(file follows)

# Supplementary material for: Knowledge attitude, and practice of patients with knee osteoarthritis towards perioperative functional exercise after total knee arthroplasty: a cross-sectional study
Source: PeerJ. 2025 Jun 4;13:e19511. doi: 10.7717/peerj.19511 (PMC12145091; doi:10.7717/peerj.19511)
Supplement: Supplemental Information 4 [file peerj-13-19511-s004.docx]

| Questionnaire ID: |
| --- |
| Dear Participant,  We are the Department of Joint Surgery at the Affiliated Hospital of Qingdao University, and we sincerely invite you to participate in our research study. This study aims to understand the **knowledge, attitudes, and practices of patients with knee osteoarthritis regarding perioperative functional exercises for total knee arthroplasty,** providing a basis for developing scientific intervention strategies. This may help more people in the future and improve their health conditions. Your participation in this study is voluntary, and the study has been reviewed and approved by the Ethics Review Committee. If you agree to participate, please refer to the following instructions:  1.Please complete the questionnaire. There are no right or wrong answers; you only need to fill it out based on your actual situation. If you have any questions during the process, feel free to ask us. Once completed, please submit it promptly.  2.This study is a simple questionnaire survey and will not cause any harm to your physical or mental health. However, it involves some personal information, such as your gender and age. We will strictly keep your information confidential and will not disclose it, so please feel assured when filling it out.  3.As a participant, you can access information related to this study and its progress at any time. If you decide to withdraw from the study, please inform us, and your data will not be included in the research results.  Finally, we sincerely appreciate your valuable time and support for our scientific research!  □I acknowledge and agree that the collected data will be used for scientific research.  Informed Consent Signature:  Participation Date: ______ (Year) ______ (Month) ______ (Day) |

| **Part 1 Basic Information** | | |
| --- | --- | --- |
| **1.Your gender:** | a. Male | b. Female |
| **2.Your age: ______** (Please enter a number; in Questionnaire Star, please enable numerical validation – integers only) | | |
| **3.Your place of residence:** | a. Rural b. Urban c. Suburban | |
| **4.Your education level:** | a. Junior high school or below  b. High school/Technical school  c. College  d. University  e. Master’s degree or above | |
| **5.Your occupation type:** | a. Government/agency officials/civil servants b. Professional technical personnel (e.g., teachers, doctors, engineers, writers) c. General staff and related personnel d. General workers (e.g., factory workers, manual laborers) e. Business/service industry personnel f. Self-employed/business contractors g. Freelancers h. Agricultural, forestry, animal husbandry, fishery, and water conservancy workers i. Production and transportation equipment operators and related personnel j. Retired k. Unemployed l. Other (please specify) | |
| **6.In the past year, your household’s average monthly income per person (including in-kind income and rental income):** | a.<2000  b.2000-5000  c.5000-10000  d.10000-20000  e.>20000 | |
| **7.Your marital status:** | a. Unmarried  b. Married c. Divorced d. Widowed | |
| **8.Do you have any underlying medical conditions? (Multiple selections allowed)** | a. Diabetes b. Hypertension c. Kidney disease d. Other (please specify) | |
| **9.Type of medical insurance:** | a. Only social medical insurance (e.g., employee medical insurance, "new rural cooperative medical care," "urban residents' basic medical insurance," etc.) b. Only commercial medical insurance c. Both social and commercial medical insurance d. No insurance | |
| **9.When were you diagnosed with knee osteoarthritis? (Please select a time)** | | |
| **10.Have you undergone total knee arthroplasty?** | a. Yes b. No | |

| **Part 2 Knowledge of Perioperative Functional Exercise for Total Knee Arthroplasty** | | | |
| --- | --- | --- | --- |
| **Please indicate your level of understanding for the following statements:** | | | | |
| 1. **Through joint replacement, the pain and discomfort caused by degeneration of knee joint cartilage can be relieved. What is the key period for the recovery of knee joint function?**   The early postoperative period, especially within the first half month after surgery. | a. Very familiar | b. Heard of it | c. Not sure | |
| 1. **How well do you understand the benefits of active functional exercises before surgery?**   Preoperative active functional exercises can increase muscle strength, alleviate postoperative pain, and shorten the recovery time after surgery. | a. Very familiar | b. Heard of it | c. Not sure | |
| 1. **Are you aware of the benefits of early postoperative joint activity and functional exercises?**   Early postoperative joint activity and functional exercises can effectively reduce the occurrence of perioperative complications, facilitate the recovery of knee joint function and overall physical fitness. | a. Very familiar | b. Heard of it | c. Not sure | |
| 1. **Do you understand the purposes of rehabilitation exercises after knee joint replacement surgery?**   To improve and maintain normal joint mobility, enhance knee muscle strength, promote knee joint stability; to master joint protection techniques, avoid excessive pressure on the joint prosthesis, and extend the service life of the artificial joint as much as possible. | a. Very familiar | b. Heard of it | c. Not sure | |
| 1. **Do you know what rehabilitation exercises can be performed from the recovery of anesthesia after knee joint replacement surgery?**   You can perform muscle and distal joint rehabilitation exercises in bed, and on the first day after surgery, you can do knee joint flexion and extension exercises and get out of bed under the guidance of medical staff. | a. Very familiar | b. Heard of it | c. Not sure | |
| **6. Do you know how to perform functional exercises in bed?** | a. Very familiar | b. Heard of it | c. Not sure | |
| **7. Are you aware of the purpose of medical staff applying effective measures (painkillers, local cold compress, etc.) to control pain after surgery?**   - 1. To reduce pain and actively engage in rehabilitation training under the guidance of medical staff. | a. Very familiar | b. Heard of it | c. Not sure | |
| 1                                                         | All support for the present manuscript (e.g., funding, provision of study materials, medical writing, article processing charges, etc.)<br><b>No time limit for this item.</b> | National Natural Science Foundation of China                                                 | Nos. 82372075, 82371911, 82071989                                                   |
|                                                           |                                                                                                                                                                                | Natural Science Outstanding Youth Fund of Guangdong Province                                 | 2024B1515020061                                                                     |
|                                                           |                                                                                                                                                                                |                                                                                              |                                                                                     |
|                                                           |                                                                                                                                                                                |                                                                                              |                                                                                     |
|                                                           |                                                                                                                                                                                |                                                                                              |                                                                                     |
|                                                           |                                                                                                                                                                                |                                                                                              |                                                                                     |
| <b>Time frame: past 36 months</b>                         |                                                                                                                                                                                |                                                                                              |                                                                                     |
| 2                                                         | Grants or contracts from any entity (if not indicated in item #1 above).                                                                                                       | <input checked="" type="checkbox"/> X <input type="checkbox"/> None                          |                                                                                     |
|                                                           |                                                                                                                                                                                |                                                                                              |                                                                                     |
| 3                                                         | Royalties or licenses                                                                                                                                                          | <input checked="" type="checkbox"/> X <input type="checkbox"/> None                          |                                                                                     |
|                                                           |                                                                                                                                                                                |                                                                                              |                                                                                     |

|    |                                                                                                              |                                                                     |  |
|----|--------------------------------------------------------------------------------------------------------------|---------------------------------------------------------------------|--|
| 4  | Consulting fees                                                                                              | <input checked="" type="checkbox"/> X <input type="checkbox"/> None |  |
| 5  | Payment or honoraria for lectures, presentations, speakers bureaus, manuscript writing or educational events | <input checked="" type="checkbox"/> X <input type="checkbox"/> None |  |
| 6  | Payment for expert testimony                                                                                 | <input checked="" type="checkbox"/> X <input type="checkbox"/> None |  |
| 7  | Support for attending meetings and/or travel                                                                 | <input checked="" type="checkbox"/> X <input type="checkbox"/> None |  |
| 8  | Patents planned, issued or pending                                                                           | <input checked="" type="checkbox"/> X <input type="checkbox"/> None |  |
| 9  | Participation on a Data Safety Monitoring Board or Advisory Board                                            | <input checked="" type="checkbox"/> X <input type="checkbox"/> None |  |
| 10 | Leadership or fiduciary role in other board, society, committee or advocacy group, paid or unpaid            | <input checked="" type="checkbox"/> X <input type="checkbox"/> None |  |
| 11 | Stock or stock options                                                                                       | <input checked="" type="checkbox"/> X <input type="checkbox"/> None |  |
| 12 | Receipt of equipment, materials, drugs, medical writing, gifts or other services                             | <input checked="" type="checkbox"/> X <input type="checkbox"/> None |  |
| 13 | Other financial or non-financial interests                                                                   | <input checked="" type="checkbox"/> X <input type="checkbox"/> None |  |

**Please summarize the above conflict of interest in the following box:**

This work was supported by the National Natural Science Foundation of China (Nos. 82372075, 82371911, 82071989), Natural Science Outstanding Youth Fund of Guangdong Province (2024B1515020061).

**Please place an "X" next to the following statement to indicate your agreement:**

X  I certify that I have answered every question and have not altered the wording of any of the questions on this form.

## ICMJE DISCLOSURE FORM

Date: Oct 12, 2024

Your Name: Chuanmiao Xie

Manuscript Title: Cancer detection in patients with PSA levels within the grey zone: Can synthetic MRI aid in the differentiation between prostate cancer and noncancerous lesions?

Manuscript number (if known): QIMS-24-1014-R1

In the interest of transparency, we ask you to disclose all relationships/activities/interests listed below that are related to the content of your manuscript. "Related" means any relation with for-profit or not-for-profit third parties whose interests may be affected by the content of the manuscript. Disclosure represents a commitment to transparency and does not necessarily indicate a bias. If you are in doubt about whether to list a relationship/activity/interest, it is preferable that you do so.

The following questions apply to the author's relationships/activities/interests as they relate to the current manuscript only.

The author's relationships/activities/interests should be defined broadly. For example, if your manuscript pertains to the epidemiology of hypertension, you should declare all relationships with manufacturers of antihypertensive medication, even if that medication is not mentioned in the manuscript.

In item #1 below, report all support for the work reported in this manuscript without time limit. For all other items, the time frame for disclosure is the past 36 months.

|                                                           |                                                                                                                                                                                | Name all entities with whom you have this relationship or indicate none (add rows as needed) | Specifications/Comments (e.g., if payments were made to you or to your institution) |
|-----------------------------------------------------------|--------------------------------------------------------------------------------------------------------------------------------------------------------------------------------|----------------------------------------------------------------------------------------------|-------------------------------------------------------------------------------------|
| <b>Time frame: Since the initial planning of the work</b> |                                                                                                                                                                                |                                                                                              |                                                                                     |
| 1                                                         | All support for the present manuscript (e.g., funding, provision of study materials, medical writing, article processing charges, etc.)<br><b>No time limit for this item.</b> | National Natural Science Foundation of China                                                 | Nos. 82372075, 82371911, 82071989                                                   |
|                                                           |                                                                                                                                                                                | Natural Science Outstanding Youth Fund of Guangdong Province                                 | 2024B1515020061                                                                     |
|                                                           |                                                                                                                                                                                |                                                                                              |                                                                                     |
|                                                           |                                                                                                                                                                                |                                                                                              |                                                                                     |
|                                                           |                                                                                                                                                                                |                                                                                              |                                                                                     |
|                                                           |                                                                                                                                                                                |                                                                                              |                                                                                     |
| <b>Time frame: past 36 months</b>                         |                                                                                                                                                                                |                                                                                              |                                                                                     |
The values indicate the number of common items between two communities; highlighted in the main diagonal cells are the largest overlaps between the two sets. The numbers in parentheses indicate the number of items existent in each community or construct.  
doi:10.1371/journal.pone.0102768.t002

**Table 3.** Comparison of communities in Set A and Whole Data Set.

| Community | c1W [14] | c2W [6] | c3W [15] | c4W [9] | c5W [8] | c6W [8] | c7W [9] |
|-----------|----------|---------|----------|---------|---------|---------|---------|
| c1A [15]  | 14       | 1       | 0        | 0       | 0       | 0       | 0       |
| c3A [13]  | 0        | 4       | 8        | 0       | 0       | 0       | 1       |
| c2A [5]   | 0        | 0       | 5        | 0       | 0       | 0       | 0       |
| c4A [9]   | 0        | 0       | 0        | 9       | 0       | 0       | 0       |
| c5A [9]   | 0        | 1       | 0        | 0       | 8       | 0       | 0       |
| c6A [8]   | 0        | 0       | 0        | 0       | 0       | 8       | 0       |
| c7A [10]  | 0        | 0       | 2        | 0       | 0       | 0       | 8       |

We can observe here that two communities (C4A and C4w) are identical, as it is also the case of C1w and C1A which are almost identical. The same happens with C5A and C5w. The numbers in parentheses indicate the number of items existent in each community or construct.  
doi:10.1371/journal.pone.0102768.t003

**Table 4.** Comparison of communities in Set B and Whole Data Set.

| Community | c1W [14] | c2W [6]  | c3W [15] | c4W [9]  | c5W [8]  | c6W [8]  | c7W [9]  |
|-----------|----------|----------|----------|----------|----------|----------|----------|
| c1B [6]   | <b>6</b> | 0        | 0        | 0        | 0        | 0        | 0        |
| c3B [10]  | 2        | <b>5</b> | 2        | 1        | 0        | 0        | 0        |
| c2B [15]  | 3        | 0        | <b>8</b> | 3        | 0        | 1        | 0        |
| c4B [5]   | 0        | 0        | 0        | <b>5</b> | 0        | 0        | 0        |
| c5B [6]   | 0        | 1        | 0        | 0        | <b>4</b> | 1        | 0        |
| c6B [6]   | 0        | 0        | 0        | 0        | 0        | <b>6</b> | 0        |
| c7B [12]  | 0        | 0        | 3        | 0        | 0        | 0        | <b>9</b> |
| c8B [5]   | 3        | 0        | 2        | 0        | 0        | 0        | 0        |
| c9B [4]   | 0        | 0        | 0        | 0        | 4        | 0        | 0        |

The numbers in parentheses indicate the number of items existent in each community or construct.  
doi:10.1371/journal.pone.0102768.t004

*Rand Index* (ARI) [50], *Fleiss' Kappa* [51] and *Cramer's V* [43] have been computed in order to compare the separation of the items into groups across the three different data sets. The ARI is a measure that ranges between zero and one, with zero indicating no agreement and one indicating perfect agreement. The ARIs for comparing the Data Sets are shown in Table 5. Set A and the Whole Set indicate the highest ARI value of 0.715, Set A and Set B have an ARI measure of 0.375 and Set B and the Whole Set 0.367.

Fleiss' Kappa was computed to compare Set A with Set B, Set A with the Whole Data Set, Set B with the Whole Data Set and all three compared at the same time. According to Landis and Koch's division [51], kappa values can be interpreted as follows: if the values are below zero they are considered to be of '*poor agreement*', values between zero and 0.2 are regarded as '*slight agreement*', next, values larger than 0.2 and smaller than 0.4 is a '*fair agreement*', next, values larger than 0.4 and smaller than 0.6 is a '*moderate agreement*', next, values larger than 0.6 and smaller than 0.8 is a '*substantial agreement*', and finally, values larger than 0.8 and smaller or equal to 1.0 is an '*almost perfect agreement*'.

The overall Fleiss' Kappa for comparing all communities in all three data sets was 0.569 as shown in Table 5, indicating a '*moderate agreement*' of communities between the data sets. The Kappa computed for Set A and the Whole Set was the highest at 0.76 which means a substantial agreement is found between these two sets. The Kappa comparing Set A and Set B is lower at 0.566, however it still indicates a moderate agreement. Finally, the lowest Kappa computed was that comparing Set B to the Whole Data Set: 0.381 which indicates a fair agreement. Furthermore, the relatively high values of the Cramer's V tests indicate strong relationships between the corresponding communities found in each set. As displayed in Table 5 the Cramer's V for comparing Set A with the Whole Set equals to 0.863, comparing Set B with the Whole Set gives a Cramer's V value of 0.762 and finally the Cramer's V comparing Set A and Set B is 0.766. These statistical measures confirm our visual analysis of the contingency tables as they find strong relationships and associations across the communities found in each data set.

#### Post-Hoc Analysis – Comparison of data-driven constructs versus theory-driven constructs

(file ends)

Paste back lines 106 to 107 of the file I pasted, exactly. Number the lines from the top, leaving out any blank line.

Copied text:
The overall Fleiss' Kappa for comparing all communities in all three data sets was 0.569 as shown in Table 5, indicating a '*moderate agreement*' of communities between the data sets. The Kappa computed for Set A and the Whole Set was the highest at 0.76 which means a substantial agreement is found between these two sets. The Kappa comparing Set A and Set B is lower at 0.566, however it still indicates a moderate agreement. Finally, the lowest Kappa computed was that comparing Set B to the Whole Data Set: 0.381 which indicates a fair agreement. Furthermore, the relatively high values of the Cramer's V tests indicate strong relationships between the corresponding communities found in each set. As displayed in Table 5 the Cramer's V for comparing Set A with the Whole Set equals to 0.863, comparing Set B with the Whole Set gives a Cramer's V value of 0.762 and finally the Cramer's V comparing Set A and Set B is 0.766. These statistical measures confirm our visual analysis of the contingency tables as they find strong relationships and associations across the communities found in each data set.

#### Post-Hoc Analysis – Comparison of data-driven constructs versus theory-driven constructs